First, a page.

University of Rochester

Paper in Nature Sheds Light on How Mammals See Motion

January 17, 1996

An important debate among those who study vision has been settled with the publication of an article in the December 1995 issue of the British journal, Nature. The article also points out the dangers of investigating complex processes like vision with models that may be mathematically sound, but which lack some of the characteristics of real-world objects and surfaces.

"There are significant differences between artificial stimuli and real ones that animals see," said the paper's author, Peter Bex, a postdoctoral researcher in the Department of Brain and Cognitive Science at Rochester. "In itself, that might not be a problem; but the difficulty arises because the use of artificial images to test how the visual system works can produce strange results."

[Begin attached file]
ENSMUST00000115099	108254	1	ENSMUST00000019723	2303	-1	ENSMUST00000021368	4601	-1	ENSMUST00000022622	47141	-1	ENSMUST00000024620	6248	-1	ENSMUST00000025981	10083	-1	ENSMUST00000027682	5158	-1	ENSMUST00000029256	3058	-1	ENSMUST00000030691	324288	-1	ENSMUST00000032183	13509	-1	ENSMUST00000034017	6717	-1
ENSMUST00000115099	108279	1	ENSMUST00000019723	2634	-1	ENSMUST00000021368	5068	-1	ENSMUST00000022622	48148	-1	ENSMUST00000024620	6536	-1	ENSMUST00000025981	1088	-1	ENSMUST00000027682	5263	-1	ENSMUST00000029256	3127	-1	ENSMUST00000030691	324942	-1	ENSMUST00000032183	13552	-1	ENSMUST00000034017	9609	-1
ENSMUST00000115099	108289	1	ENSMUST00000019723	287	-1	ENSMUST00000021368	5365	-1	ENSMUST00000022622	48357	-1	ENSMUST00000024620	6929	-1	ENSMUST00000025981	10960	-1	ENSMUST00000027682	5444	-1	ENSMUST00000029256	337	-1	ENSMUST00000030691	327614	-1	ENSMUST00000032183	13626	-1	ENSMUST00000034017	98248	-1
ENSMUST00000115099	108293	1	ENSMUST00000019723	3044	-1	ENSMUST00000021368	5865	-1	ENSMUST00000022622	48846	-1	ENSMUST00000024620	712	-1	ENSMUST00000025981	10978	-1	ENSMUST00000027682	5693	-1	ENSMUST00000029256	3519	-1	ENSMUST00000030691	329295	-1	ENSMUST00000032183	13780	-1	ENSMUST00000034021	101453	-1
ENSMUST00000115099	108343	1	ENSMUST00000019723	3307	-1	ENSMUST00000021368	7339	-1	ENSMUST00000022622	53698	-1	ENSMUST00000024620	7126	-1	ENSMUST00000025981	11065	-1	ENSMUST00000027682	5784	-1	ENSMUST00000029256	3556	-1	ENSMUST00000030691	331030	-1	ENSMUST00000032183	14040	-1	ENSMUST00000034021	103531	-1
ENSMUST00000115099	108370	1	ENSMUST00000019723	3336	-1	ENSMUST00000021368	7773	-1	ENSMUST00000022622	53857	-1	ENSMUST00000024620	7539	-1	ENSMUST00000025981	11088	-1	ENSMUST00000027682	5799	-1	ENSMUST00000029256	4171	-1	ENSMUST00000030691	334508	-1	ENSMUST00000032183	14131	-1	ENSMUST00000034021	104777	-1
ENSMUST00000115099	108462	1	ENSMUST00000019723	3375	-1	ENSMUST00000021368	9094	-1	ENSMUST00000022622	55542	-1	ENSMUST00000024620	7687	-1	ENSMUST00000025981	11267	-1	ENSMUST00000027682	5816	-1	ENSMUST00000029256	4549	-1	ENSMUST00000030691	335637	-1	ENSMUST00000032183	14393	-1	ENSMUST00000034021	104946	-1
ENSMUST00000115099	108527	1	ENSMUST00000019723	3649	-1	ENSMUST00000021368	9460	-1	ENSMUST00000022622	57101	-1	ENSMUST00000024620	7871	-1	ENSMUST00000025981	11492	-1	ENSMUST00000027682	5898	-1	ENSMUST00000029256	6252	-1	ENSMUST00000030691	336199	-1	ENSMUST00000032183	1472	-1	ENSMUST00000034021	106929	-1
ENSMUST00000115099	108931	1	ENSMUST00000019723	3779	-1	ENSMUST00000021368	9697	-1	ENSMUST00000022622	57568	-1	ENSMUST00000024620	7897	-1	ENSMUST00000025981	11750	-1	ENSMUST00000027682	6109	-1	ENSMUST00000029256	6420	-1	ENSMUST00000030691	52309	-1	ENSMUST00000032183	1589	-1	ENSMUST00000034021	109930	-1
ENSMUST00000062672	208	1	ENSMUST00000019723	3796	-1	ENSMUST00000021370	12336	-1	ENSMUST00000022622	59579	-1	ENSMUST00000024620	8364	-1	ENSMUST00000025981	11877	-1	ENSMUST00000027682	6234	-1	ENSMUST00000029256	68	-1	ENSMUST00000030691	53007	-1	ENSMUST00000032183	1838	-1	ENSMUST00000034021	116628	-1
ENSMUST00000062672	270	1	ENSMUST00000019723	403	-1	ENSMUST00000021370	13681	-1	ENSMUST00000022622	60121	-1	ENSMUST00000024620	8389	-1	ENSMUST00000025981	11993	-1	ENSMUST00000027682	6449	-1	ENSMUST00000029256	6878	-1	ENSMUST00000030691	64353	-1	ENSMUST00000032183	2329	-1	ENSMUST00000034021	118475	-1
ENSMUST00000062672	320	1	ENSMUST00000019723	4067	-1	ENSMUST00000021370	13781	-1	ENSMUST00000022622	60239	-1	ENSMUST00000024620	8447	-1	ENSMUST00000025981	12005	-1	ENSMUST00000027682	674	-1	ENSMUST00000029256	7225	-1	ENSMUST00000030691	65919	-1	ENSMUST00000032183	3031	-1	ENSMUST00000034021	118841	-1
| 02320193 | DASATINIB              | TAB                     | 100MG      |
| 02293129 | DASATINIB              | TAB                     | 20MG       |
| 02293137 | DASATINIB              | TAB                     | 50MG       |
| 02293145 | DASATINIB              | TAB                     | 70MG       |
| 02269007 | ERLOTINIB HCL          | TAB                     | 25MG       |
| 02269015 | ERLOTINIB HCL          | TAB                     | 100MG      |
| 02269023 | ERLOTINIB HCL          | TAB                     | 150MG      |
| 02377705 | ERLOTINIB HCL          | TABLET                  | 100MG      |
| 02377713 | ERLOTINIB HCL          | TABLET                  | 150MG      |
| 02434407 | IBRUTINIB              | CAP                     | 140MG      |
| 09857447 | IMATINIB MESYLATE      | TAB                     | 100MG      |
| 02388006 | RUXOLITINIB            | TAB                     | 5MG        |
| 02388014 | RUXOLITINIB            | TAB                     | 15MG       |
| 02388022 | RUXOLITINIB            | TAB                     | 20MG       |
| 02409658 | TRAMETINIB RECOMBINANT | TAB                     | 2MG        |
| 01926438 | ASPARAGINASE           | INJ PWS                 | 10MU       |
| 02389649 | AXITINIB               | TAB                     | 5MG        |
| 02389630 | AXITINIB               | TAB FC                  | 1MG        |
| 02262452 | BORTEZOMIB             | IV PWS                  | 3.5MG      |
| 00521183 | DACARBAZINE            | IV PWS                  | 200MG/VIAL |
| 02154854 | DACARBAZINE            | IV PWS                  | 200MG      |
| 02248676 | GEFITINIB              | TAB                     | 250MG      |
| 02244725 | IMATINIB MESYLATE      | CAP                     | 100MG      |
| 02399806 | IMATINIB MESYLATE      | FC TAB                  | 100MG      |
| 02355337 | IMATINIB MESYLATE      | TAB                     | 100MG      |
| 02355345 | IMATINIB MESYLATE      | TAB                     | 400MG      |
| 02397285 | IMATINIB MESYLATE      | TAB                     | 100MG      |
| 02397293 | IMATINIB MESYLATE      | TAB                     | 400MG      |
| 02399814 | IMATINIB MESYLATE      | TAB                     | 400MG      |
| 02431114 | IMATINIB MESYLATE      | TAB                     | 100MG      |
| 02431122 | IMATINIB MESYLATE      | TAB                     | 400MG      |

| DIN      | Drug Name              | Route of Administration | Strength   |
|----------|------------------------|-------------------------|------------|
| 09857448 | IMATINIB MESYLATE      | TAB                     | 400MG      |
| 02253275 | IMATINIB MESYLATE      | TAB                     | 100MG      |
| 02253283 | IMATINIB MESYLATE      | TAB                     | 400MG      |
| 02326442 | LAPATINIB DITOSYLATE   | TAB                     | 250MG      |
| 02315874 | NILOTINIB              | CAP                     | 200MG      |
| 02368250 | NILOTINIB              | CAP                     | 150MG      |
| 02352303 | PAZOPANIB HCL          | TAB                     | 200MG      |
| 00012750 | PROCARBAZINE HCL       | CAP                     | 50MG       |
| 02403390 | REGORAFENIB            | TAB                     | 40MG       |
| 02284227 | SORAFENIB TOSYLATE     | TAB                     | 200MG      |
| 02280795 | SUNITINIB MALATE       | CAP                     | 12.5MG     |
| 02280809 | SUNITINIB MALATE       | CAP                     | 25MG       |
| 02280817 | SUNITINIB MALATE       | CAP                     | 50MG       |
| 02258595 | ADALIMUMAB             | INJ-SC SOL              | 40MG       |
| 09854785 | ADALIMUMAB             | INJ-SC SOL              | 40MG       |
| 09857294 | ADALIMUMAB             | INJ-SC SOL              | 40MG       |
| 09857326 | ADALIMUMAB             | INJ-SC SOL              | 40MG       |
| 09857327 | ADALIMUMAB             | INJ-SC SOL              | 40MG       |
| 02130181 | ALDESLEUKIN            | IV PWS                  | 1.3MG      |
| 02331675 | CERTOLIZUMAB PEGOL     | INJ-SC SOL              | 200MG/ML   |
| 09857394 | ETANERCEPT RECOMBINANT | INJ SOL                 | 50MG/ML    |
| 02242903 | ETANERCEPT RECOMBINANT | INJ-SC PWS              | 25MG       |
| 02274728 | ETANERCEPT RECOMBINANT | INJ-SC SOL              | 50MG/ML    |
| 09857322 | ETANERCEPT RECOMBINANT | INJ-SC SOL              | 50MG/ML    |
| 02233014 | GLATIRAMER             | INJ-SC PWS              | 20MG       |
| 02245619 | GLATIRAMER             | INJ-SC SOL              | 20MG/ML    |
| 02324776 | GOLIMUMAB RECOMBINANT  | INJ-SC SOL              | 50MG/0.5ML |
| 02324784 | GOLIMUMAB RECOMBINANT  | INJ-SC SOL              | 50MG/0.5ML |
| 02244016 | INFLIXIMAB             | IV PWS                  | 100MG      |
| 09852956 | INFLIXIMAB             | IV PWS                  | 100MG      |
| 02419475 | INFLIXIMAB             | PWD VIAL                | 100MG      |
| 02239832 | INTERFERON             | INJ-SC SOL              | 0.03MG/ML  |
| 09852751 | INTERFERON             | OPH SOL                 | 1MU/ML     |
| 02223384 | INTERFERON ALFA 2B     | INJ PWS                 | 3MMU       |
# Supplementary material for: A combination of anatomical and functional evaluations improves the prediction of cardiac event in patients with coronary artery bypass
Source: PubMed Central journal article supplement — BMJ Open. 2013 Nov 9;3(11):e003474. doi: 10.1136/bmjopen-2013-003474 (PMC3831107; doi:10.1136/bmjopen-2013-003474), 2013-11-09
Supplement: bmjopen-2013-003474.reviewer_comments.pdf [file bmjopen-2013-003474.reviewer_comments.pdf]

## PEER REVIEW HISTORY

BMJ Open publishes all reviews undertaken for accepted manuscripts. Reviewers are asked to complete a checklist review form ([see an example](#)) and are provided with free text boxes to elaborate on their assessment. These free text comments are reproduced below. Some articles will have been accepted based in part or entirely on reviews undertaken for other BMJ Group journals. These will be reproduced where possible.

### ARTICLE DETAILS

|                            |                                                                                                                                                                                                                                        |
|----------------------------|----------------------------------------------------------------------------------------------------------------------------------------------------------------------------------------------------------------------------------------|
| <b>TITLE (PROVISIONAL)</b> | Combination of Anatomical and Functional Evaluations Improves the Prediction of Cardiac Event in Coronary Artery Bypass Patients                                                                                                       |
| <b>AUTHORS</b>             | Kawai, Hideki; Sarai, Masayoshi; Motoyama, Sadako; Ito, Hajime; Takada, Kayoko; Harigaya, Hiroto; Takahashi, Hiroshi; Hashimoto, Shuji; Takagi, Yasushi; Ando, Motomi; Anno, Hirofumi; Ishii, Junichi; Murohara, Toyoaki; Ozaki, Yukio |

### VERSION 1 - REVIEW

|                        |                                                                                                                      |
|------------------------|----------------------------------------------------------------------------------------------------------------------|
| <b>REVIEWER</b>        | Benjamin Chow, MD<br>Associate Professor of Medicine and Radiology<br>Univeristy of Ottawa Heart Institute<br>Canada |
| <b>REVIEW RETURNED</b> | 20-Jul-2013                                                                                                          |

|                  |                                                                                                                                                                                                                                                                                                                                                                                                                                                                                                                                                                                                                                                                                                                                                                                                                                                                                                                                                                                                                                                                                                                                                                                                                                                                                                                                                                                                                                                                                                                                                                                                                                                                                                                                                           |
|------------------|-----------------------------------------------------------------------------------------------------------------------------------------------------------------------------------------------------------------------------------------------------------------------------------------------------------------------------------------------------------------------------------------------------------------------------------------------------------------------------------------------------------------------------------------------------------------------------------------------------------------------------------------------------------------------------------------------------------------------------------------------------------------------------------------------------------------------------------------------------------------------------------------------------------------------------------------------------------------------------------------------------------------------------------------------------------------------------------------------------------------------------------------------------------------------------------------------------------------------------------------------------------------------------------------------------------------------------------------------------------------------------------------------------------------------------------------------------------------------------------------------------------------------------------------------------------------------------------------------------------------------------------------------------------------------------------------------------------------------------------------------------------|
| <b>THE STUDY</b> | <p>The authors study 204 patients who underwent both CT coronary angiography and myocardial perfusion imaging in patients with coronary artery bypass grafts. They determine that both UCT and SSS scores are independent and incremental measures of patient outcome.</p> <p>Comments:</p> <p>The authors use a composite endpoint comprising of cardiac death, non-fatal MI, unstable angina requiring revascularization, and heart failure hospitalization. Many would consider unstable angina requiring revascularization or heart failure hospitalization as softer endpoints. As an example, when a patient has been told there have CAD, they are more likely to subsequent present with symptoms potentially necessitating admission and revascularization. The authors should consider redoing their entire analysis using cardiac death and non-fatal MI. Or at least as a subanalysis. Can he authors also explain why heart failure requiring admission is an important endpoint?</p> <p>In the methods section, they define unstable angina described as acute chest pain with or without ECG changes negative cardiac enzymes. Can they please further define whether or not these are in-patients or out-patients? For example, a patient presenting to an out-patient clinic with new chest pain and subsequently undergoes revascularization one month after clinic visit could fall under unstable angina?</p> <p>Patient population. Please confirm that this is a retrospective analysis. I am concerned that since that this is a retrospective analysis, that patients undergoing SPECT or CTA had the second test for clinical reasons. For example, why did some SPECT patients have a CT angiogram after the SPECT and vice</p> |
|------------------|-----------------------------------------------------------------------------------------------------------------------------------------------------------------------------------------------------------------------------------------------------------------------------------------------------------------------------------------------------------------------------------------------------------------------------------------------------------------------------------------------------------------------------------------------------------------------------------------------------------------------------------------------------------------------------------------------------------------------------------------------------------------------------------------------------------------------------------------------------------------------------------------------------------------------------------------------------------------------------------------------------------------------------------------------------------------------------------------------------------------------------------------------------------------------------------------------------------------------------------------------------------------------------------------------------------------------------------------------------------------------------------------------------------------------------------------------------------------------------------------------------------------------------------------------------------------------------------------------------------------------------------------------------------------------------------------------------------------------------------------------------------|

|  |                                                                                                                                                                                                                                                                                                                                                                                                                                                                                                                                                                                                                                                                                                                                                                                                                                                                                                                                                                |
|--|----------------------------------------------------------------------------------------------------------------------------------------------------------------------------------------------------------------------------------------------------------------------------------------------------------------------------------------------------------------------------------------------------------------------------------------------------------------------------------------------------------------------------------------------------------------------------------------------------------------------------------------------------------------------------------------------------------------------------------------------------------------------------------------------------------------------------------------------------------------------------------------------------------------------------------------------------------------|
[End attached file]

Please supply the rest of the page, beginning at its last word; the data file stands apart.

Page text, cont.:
Specifically, two competing camps with alternative explanations for how the vision system detects motion have been able to support their respective models using these artificial images.

One group has contended that animals see motion by determining where a shape's edges are located, and then by noticing when those edges change position.

The second camp explains motion detection using energy-based mechanisms. This camp believes that there are groups of cells in the brains of mammals that specialize in detecting motion within limited spatial ranges. Some cells specialize in seeing only large ranges of motion, like the large structure of a dog walking. Others detect mid-sized ranges of motion, like the dog's tail wagging, and still others see only small ranges, like the fine structure of a dog's nostrils twitching as they catch a scent.

In his study, Bex had subjects view the artificial images (moving random dot patterns) through a sequence of filters that screened out certain energy components so that the patterns more closely resembled real-world images. He asked subjects to say whether or not they saw movement from one image to the next. By analyzing the pattern of responses, Bex was able to show conclusively that the edge-based model is a faulty explanation for how mammalian brains detect motion, and that the energy-based model more accurately reflects how brains actually work.